- Florida Senator Bill Nelson introduced legislation toward the end of November 2017 that would require organizations to adhere to a more prompt data breach disclosure process. Companies that do not follow the requirements and attempt to deliberately conceal a data breach would face criminal penalties.
Nelson introduced a similar version of the Data Security and Breach Notification Act in 2016 as well, but was prompted by the large-scale Uber data breach to file the legislation again.
“We need a strong federal law in place to hold companies truly accountable for failing to safeguard data or inform consumers when that information has been stolen by hackers,” Nelson explained in a statement. “Congress can either take action now to pass this long overdue bill or continue to kowtow to special interests who stand in the way of this commonsense proposal. When it comes to doing what’s best for consumers, the choice is clear.”
The bill requires that companies take the following information into consideration with their information security practices:
- The size of, and the nature, scope, and complexity of the activities engaged in by the company
- The current state of the art in administrative, technical, and physical safeguards for protecting such information
- The cost of implementing such safeguards
- The impact on small businesses and non-profits.
Organizations subject to the HITECH Act or the HIPAA Security Rule “shall be deemed in compliance with…respect to any data governed” by those requirements, the legislation states.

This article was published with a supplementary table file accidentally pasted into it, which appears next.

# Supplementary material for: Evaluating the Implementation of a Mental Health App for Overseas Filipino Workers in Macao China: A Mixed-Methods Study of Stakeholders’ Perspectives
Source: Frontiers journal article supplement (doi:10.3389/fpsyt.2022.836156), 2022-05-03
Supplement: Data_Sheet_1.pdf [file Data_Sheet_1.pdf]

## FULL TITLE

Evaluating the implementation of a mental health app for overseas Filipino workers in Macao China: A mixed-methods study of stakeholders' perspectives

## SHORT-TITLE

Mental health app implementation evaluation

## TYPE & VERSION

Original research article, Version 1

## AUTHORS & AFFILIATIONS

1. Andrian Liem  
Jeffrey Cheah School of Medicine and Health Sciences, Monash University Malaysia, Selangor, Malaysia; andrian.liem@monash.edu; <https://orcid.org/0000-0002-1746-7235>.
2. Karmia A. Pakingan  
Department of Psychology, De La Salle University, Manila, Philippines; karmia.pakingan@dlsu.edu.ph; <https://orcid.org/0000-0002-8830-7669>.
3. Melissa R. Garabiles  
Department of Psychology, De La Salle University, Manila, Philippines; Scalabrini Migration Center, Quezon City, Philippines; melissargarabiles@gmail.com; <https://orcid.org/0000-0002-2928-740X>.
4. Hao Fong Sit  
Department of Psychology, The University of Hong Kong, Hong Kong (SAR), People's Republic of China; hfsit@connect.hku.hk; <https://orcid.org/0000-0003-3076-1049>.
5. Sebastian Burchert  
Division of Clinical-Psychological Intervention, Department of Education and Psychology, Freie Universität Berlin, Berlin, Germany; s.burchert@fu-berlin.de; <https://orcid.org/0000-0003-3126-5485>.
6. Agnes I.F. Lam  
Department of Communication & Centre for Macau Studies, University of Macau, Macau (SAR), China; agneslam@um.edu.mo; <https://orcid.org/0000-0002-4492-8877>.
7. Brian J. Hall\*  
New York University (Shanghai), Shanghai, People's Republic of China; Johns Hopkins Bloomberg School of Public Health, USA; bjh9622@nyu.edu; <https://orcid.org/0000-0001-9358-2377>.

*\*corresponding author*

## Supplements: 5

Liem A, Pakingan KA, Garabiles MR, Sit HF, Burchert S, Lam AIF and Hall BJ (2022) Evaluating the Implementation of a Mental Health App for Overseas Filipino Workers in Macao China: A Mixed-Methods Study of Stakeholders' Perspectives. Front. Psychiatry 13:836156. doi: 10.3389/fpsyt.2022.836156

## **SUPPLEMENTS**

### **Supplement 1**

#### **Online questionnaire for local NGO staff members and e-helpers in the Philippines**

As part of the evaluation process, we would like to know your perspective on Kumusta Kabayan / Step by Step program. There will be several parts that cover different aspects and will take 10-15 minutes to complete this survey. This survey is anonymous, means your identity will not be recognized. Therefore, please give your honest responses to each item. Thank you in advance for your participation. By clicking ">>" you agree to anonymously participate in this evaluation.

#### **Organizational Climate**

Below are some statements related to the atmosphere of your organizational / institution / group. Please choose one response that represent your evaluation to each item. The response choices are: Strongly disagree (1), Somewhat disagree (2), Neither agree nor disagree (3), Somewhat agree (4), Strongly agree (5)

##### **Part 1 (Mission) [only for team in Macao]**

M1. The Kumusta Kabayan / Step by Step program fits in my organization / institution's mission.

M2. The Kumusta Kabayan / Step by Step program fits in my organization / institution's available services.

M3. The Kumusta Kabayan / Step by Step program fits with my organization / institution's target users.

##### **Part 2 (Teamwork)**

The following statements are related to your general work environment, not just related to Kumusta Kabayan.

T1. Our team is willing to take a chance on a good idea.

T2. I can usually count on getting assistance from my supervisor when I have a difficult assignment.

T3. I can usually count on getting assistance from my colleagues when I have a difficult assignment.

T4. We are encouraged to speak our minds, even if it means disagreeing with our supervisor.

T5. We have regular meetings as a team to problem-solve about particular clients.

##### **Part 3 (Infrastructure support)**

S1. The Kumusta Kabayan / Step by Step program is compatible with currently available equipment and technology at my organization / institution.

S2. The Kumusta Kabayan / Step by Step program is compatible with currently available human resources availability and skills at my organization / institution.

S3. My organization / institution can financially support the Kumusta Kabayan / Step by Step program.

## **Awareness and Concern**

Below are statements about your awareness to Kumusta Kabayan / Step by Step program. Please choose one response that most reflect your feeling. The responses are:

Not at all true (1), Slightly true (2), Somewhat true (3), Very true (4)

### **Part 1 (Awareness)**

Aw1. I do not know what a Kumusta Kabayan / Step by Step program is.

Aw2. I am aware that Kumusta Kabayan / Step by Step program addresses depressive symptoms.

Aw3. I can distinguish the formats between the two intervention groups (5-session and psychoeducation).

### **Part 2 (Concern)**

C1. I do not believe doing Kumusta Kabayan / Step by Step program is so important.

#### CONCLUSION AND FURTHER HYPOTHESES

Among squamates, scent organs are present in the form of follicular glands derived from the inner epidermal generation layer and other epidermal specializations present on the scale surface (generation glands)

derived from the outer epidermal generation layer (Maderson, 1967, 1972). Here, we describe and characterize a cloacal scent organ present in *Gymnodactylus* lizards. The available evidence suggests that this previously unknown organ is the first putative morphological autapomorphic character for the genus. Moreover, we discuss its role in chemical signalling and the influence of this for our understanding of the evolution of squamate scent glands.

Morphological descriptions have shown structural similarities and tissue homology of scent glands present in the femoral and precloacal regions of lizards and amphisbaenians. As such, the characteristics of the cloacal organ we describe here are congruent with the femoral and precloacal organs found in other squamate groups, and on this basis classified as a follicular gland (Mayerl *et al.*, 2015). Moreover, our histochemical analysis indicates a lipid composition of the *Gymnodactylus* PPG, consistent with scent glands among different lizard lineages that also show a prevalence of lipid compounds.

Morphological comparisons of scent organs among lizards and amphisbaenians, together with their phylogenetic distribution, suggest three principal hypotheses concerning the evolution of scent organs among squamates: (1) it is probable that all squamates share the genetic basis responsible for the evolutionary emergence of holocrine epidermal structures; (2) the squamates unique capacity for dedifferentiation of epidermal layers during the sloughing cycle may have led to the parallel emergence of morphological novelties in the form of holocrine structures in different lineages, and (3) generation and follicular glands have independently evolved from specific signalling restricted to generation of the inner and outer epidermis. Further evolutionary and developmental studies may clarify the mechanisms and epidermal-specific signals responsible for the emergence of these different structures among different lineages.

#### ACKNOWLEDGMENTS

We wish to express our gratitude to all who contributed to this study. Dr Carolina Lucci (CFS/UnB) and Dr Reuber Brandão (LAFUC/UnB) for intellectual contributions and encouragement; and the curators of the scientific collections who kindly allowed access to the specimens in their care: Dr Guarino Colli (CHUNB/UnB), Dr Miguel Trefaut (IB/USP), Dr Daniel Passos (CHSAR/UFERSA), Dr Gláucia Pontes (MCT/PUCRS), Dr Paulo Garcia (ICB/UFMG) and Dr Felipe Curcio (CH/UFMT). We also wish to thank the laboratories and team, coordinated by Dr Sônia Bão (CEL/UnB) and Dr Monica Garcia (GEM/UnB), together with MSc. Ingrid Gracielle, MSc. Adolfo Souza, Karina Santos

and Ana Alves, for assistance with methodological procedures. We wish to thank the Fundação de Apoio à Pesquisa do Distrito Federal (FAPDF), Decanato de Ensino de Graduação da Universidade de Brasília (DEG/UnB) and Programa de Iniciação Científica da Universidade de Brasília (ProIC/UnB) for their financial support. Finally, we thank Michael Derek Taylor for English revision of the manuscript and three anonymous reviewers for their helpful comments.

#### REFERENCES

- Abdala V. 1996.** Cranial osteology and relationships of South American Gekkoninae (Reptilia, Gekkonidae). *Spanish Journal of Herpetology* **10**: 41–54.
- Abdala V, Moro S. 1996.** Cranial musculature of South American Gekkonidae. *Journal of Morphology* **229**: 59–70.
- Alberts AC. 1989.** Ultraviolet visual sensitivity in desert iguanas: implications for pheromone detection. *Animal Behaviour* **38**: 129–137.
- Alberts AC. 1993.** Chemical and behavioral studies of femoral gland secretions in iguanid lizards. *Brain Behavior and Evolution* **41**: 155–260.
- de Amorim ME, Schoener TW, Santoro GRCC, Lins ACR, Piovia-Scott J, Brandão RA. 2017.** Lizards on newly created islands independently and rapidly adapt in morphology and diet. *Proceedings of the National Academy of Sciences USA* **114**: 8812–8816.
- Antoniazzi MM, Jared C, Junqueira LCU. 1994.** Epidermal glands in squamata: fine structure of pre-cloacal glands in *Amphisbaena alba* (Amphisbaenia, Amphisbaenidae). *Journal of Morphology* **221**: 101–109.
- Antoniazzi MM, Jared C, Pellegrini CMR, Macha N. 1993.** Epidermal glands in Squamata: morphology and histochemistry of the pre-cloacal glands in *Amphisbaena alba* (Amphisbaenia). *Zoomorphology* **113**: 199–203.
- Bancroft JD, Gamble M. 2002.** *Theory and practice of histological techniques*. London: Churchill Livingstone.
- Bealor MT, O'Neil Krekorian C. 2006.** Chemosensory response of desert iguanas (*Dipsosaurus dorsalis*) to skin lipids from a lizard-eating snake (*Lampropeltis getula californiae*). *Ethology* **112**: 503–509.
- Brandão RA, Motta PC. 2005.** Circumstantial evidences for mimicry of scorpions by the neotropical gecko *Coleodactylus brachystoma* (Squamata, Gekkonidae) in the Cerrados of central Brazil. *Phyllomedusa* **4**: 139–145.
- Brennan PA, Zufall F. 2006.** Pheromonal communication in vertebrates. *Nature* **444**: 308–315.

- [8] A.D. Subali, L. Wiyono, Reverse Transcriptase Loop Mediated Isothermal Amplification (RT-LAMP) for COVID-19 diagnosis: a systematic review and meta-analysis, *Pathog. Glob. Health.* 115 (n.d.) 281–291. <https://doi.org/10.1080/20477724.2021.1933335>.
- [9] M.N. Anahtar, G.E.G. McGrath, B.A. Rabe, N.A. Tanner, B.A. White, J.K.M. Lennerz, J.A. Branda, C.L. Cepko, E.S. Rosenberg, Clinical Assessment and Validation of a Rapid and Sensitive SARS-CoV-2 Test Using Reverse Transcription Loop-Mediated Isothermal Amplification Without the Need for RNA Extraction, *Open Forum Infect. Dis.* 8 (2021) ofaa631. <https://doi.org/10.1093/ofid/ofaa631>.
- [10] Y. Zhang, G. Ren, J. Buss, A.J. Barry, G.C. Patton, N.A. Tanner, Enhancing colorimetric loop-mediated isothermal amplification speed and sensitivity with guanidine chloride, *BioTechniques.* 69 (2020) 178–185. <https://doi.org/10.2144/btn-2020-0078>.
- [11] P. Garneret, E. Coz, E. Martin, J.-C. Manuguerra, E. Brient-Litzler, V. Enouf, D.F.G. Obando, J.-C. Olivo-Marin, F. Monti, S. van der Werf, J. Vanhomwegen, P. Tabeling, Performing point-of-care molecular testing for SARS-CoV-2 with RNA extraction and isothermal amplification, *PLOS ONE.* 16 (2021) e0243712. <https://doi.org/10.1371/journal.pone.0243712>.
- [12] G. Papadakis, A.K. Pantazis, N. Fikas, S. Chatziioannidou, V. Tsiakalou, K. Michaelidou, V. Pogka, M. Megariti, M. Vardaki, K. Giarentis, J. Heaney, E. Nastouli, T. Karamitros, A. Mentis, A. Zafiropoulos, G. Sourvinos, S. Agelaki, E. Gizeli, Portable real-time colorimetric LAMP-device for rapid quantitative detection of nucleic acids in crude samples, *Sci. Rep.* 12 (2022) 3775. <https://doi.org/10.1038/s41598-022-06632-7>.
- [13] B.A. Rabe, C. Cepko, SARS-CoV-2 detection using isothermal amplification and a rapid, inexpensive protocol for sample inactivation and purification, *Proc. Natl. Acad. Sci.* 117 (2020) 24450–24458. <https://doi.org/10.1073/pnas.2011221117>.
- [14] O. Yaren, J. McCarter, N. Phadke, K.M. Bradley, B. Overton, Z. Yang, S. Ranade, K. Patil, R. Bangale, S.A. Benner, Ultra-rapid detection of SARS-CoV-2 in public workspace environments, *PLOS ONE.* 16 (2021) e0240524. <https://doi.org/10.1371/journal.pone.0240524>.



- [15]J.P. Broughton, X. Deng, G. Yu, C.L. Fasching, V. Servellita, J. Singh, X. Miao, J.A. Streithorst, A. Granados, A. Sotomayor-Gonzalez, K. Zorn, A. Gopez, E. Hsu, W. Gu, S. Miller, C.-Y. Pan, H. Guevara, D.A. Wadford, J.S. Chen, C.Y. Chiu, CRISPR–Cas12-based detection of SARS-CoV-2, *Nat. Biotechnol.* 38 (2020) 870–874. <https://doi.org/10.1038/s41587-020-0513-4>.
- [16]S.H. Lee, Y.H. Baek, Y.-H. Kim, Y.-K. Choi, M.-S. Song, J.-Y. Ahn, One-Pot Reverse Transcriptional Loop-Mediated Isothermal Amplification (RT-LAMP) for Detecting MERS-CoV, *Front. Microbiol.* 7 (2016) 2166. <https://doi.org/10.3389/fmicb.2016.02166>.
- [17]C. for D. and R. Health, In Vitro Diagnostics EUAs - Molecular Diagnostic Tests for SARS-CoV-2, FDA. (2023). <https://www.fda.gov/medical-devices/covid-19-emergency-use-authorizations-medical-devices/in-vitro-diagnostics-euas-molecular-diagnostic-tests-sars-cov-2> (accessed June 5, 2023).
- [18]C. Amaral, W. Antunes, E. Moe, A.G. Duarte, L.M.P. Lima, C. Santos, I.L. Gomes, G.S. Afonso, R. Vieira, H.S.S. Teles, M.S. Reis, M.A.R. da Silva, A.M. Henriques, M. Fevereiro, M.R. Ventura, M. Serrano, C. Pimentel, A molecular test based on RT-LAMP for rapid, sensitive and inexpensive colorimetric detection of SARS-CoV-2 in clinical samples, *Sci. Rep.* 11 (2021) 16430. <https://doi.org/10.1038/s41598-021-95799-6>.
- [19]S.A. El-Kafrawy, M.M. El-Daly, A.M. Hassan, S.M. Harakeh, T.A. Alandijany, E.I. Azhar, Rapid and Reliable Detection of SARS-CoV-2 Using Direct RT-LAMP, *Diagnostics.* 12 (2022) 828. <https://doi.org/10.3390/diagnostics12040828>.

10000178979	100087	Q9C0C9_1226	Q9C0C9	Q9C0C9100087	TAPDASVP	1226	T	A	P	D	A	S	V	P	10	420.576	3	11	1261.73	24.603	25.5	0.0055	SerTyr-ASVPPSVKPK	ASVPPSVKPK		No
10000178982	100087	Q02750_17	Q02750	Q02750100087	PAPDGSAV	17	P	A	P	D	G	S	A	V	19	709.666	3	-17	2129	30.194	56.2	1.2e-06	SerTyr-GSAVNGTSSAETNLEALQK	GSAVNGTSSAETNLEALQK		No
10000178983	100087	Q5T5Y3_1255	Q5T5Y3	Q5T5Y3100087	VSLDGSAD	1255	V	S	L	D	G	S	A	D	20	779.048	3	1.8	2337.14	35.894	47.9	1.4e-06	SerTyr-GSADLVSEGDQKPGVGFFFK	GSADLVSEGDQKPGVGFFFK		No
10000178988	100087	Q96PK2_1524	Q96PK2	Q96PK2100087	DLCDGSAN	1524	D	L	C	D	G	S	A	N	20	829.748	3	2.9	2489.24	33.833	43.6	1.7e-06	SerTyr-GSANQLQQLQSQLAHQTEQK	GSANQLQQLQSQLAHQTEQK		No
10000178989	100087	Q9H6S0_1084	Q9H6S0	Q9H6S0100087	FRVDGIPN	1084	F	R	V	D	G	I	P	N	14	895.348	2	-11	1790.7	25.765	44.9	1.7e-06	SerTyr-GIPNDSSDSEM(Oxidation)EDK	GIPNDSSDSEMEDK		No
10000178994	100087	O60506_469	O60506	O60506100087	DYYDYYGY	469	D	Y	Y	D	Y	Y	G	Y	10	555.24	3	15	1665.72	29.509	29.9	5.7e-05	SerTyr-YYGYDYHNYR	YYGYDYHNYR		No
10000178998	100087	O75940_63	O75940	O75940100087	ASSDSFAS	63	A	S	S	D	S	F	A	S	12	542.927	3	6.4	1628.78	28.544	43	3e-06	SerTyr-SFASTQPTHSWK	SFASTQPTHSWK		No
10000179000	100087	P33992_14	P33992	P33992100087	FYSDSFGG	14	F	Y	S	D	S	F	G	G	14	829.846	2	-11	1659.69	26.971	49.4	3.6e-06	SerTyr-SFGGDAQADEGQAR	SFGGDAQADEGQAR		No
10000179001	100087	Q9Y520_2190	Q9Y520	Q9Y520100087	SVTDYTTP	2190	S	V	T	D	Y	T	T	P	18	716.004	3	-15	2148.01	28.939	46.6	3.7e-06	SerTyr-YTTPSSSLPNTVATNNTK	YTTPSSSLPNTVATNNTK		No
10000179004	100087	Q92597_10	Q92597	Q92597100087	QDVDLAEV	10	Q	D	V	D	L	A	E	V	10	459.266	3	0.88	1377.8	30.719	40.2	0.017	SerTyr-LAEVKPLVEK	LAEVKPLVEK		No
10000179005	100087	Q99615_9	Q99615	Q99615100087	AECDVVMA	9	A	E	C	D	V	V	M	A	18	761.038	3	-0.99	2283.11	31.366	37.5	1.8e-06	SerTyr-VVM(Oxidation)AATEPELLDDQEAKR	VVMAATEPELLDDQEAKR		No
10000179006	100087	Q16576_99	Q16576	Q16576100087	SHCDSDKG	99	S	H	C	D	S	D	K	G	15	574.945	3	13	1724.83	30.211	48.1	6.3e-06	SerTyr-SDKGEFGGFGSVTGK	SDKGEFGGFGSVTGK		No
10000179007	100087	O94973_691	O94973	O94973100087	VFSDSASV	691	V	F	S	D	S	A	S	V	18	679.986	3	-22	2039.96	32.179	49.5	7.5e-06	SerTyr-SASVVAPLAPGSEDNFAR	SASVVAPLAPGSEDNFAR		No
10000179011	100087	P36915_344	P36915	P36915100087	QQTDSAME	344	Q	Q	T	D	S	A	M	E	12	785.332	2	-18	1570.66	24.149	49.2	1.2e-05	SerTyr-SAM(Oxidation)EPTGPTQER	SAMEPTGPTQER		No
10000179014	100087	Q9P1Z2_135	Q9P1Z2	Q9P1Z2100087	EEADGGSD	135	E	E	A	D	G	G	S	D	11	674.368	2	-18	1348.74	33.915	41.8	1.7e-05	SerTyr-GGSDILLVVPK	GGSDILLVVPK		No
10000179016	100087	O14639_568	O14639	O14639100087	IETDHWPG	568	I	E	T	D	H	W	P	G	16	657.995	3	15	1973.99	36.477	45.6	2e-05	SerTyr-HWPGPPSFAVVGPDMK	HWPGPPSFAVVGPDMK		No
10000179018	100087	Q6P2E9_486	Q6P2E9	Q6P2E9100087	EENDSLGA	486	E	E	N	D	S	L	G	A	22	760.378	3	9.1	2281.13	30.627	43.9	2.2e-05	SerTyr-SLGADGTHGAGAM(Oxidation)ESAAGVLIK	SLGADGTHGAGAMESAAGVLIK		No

Notification must be made “not later than 30 days after the date of discovery of a breach of security” or as soon as possible.
“Any person who, having knowledge of a breach of security and of the fact that notification of the breach of security is required under the Data Security and Breach Notification Act, intentionally and willfully conceals the fact of the breach of security, shall, in the event that the breach of security results in economic harm to any individual in the amount of $1,000 or more, be fined under this title, imprisoned for not more than 5 years, or both,” the bill reads.
The Uber data breach in question raised concerns because company leaders reportedly concealed the incident from drivers and customers for nearly one year. The incident affected 57 million accounts.
Nelson is hardly the first lawmaker to push for change with the data breach notification process following recent large-scale data breaches. Both Vermont and New York recently introduced legislation to push for a more stringent process.
The Vermont House Committee on Commerce and Economic Development announced in November 2017 that it would hold hearings to discuss data privacy and security issues.
Chittenden County Sen. Michael Sirotkin stated at a press conference that he wants Vermont residents to have new legal options should another breach along the lines of Equifax happen again.
“What that means is that consumers will have a private right of action, if this bill passes, where they will be able to get their damages for their time and expense and their attorneys’ fees and the cost of repairing the problem,” Sirotkin said, according to Vermont Public Radio.
New York Attorney General Eric T. Schneiderman introduced the Stop Hacks and Improve Electronic Data Security Act (SHIELD Act), with Senator David Carlucci and Assemblymember Brian Kavanagh sponsoring the bill.
“New York's data breach notification law needs to be updated keep pace with current technology,” reads the bill’s summary. “This bill broadens the scope of information covered under the notification law and updates the notification requirements when there has been a breach of data. It also broadens the definition of a data breach to include an unauthorized person gaining access to information.”